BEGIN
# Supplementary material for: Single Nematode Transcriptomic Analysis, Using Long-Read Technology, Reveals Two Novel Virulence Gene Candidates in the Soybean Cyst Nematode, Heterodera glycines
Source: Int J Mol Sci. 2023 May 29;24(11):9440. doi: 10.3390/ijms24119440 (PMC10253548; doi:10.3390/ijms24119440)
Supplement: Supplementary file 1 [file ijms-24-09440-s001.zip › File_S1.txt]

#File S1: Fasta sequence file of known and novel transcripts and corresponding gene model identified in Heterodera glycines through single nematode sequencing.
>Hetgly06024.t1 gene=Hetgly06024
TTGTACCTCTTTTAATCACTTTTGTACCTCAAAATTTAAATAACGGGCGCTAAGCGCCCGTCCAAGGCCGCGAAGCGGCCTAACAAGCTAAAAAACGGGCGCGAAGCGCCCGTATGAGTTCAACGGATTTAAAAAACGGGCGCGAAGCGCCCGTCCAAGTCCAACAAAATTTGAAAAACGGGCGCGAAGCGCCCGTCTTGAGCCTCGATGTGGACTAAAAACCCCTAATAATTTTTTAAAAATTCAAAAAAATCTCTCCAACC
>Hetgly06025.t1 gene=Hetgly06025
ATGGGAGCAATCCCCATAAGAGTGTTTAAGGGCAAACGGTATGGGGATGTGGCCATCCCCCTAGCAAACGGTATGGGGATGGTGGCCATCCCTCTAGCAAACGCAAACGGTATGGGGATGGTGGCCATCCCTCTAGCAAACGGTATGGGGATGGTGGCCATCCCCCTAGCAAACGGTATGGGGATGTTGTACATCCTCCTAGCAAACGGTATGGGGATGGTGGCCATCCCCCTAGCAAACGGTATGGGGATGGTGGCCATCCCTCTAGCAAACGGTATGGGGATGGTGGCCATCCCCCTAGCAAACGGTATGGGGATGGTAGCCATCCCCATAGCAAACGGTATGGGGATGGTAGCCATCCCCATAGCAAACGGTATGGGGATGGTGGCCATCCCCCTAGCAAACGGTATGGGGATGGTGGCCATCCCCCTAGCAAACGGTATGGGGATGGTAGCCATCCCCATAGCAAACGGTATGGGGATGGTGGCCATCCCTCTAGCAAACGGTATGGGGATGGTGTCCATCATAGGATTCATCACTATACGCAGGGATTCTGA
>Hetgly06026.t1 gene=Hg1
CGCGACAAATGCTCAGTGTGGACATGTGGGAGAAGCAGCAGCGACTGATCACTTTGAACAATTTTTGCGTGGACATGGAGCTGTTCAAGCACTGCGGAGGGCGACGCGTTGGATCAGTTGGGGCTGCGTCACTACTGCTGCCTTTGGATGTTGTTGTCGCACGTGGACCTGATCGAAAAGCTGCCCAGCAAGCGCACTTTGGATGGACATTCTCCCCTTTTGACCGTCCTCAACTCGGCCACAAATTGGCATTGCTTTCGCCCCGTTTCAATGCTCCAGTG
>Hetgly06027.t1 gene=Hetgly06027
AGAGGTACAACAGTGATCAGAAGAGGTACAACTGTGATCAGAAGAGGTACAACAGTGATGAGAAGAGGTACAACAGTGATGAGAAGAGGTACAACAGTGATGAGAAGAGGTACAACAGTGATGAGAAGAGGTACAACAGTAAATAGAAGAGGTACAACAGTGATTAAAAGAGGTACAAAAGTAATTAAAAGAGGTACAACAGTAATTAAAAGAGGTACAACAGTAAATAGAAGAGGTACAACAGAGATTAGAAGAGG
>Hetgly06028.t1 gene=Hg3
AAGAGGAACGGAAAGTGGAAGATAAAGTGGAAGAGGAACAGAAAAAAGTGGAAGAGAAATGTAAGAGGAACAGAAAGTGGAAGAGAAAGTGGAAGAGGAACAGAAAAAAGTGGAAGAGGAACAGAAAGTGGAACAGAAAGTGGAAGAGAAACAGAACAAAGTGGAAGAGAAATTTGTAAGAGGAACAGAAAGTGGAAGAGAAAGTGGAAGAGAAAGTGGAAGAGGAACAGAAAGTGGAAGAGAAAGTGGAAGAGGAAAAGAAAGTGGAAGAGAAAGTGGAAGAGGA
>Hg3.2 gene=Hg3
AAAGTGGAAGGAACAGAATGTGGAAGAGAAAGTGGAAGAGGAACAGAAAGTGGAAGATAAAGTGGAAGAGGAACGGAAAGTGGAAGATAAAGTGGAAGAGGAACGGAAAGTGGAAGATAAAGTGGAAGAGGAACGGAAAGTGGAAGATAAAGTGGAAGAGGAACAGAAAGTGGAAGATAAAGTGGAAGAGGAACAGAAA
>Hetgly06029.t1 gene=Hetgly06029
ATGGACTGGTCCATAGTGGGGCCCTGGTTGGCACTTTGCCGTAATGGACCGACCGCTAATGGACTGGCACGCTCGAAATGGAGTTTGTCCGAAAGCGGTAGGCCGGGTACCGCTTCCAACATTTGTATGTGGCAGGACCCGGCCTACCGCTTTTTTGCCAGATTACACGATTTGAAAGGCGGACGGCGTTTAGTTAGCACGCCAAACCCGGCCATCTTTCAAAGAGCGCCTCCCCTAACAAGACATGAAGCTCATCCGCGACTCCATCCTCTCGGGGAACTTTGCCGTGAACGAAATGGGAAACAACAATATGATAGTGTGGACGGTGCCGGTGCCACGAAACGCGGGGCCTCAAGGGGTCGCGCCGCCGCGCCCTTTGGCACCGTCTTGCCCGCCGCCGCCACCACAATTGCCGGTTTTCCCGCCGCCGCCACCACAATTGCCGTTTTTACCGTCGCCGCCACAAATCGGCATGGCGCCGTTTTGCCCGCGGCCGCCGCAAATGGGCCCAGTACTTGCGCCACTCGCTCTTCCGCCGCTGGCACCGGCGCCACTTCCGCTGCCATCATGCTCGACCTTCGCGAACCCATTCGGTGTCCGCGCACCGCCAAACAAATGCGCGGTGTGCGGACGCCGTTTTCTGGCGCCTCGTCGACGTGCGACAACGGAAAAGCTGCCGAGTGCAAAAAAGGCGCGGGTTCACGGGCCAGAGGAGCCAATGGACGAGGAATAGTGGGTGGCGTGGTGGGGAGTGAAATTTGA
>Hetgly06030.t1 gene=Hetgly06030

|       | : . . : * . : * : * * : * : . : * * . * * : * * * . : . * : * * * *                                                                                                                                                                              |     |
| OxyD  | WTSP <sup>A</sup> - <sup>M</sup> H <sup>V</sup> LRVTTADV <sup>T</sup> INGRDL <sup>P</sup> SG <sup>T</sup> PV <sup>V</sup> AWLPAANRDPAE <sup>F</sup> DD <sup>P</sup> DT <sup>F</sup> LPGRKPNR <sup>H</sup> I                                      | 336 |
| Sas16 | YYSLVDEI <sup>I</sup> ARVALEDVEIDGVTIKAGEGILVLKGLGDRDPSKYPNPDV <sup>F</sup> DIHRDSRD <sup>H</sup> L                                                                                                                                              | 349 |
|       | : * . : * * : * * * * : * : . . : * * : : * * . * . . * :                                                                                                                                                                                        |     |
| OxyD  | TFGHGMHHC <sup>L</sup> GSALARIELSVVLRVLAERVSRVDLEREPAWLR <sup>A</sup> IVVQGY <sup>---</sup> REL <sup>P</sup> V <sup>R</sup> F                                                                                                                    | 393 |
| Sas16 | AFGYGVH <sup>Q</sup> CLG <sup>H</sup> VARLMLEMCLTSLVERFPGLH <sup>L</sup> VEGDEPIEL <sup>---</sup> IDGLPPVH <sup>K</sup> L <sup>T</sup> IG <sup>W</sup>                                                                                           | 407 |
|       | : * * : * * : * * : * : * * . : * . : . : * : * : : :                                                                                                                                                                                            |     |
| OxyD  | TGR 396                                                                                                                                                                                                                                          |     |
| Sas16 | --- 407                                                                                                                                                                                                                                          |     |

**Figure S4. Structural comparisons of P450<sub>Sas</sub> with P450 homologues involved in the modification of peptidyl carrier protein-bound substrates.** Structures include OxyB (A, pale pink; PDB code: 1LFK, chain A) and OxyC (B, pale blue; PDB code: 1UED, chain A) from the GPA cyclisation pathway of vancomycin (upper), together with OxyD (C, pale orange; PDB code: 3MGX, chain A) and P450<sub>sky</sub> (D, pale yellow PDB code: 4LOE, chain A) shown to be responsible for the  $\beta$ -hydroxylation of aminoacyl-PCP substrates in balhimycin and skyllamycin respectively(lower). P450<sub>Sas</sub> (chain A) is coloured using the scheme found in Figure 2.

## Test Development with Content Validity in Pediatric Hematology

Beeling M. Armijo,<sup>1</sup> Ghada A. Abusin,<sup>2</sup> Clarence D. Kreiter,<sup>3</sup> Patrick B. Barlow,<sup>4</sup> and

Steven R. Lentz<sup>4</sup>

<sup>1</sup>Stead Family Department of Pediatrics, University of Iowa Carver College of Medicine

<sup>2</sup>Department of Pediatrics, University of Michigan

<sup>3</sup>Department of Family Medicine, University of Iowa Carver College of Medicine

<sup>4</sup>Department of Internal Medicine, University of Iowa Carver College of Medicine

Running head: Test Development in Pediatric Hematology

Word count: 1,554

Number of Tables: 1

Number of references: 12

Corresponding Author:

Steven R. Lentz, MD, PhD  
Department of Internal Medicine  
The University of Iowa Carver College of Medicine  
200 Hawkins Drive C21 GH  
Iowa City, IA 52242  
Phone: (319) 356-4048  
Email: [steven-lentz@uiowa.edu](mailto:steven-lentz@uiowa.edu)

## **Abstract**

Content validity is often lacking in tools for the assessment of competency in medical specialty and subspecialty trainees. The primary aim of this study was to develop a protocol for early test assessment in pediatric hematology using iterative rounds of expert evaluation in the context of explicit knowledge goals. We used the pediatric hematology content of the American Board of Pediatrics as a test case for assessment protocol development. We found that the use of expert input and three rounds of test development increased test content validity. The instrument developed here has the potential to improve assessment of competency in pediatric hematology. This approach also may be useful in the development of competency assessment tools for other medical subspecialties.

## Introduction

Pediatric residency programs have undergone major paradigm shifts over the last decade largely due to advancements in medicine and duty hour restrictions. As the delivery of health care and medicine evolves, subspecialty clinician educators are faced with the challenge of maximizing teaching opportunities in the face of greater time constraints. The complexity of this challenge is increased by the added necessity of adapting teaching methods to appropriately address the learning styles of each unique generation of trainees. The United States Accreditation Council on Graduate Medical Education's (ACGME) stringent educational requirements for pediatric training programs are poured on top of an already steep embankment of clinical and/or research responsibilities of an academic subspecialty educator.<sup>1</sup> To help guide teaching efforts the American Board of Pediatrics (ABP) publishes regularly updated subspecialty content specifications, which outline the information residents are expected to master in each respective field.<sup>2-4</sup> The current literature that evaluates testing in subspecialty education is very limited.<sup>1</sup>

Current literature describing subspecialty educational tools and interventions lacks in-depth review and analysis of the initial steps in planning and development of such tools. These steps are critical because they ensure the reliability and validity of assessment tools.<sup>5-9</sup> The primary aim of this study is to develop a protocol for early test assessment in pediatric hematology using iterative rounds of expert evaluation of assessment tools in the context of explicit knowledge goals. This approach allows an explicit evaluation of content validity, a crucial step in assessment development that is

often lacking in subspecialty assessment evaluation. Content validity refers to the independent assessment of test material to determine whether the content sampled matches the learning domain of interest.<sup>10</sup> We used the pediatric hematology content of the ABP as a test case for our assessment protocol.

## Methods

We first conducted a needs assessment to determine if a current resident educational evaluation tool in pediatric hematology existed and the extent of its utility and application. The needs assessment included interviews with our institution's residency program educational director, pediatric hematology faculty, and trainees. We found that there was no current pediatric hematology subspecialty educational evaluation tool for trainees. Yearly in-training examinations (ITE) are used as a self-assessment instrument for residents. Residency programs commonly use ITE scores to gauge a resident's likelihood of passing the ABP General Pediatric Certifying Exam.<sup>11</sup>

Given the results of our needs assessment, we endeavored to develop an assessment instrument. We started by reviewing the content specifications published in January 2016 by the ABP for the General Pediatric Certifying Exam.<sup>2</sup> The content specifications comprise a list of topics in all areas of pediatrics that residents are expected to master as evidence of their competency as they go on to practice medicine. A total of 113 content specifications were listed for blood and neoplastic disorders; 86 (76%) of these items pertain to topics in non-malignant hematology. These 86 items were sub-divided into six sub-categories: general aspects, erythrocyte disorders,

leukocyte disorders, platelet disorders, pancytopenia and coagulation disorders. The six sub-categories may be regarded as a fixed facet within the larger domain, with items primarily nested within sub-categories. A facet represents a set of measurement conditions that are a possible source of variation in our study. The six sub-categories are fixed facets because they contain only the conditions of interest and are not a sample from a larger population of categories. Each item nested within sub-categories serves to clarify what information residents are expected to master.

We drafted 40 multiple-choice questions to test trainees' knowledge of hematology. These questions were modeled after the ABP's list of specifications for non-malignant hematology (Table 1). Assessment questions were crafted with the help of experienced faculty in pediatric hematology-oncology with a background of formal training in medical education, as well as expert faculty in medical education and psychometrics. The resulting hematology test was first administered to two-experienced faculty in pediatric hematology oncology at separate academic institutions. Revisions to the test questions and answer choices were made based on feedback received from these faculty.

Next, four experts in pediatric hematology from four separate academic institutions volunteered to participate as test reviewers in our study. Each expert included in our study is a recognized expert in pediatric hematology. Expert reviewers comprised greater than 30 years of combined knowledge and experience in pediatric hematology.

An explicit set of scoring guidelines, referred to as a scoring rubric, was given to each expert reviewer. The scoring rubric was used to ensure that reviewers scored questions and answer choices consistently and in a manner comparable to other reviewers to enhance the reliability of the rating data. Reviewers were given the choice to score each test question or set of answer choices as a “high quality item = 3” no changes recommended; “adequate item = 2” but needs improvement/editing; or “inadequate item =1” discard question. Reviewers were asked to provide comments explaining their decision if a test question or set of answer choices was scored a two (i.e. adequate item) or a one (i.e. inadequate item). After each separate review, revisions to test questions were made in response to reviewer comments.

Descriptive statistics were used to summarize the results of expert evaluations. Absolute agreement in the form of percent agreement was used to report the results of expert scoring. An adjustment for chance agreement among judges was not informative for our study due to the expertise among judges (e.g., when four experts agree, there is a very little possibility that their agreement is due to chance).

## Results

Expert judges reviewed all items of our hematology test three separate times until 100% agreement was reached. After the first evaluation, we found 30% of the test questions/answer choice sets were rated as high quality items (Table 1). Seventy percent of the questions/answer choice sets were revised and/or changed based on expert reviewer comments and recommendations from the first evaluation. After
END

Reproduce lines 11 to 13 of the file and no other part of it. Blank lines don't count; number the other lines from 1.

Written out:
>Hetgly06027.t1 gene=Hetgly06027
AGAGGTACAACAGTGATCAGAAGAGGTACAACTGTGATCAGAAGAGGTACAACAGTGATGAGAAGAGGTACAACAGTGATGAGAAGAGGTACAACAGTGATGAGAAGAGGTACAACAGTGATGAGAAGAGGTACAACAGTAAATAGAAGAGGTACAACAGTGATTAAAAGAGGTACAAAAGTAATTAAAAGAGGTACAACAGTAATTAAAAGAGGTACAACAGTAAATAGAAGAGGTACAACAGAGATTAGAAGAGG
>Hetgly06028.t1 gene=Hg3